Bandwidth Prices Sinking, Says Report
Instead, price erosion is starting with carriers that are new to the IP market and are eager to get customers -- any customers -- to help build volume.
"The cheapest rates tend to originate from suppliers with low network utilization," says Rob Schult, senior research analyst at TeleGeography, in a prepared statement. "Their attempts to gain market share and to get customer traffic onto the network frequently result in prices that are at or below marginal cost."
Schult's not saying that carriers returning from bankruptcy with fresh balance sheets and reduced debt are innocent of price cutting. These carriers are reducing IP transit prices, too, he notes. But they're not the ones with the most drastic cuts. Those are coming from the young and the desperate.
The report by TeleGeography, which is a research division of PriMetrica Inc., indicates that costs of IP transit connections in Europe and the U.S. have fallen continually over the past three years.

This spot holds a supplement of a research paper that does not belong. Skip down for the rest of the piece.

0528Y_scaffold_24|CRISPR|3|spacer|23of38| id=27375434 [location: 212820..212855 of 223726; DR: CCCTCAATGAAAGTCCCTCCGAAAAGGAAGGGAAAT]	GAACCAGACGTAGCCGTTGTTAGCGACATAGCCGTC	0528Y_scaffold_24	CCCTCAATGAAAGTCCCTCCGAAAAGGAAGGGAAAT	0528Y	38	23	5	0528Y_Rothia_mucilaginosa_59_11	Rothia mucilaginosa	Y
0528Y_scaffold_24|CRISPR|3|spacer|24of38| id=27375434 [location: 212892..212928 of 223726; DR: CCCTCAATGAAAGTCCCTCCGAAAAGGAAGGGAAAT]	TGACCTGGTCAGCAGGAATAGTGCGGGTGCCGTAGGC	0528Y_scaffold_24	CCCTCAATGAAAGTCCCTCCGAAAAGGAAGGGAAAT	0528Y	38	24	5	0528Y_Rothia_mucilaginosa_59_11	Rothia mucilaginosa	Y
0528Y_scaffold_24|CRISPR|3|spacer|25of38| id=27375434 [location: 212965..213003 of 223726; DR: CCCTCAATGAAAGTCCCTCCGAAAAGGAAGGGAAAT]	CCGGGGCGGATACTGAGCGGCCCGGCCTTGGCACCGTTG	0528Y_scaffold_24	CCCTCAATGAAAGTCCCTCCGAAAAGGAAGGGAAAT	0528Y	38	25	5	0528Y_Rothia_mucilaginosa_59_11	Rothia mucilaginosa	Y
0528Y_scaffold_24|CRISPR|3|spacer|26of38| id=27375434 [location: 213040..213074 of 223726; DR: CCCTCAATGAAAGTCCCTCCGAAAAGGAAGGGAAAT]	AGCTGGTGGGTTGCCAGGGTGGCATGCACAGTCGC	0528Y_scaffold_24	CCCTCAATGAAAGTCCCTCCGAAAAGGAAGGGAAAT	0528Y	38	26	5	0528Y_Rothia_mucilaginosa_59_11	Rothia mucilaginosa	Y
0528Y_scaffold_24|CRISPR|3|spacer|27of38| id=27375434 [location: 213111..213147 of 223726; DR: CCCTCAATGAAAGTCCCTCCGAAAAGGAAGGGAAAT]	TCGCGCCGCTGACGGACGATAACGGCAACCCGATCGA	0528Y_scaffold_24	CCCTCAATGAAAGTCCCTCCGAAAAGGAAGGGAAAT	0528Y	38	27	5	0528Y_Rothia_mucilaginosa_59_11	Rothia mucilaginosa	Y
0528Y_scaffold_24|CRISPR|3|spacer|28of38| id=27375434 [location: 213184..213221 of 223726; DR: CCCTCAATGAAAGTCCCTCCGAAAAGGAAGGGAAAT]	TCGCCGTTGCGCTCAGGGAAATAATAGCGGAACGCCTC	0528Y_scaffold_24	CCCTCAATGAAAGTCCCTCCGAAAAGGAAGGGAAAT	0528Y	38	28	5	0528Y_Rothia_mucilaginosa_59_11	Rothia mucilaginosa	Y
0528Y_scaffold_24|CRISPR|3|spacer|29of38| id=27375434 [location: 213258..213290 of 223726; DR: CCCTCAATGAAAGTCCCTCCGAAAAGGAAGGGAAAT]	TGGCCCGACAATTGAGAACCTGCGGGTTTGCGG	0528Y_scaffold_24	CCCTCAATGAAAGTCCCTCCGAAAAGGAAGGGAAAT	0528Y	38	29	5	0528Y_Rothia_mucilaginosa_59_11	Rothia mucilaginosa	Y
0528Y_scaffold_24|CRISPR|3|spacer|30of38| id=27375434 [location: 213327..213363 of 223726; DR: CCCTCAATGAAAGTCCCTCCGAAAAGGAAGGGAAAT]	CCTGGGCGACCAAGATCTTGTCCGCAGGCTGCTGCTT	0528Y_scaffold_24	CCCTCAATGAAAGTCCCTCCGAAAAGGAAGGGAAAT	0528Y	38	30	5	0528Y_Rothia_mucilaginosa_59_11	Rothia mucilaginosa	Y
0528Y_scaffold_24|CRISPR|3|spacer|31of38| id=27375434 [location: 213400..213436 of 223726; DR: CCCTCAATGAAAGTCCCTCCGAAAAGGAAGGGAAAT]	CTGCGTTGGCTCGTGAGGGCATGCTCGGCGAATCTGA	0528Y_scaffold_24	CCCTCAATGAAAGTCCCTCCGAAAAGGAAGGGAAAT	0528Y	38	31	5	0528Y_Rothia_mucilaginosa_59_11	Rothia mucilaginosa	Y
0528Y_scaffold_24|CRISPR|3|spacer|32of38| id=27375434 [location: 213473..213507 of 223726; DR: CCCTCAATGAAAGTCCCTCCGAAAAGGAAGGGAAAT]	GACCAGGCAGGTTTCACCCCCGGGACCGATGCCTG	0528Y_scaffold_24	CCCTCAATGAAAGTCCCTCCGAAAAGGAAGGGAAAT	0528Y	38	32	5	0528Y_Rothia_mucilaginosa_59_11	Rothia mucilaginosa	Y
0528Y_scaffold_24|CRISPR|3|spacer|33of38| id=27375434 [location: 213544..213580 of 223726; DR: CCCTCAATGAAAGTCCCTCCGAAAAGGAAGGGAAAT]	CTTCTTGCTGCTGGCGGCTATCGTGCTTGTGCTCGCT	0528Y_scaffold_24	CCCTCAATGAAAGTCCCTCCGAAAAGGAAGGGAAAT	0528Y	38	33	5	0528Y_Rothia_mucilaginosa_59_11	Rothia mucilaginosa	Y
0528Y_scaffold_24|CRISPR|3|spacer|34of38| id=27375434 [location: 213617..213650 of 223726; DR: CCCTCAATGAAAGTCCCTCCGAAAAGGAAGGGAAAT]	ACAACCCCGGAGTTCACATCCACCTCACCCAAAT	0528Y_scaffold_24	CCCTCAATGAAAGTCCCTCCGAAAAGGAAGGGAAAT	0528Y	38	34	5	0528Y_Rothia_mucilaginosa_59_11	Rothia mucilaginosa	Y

For instance, the firm's research on prices of STM-1 (155 Mbit/s) links in London, based on input from Band-X Ltd., a bandwidth exchange, shows prices getting as low as $50 per Mbit/s, for bandwidth sold in 100-Mbit/s increments.
Prices in the U.S. are comparable, Schult says. In Asia, rates are higher, about $130 per Mbit/s, but that's significantly lower than those prices have been, he notes.
Reductions in the price of bandwidth haven't boosted demand. In fact, TeleGeography says, worldwide bandwidth demand is now growing at a mere 74 percent a year, on average. This compares with triple-digit growth rates in the boom years, Schult says.
"At some point the carriers are not recovering their investment," Schult adds, "and that takes away their ability to invest in the future."
— Mary Jander, Senior Editor, Light Reading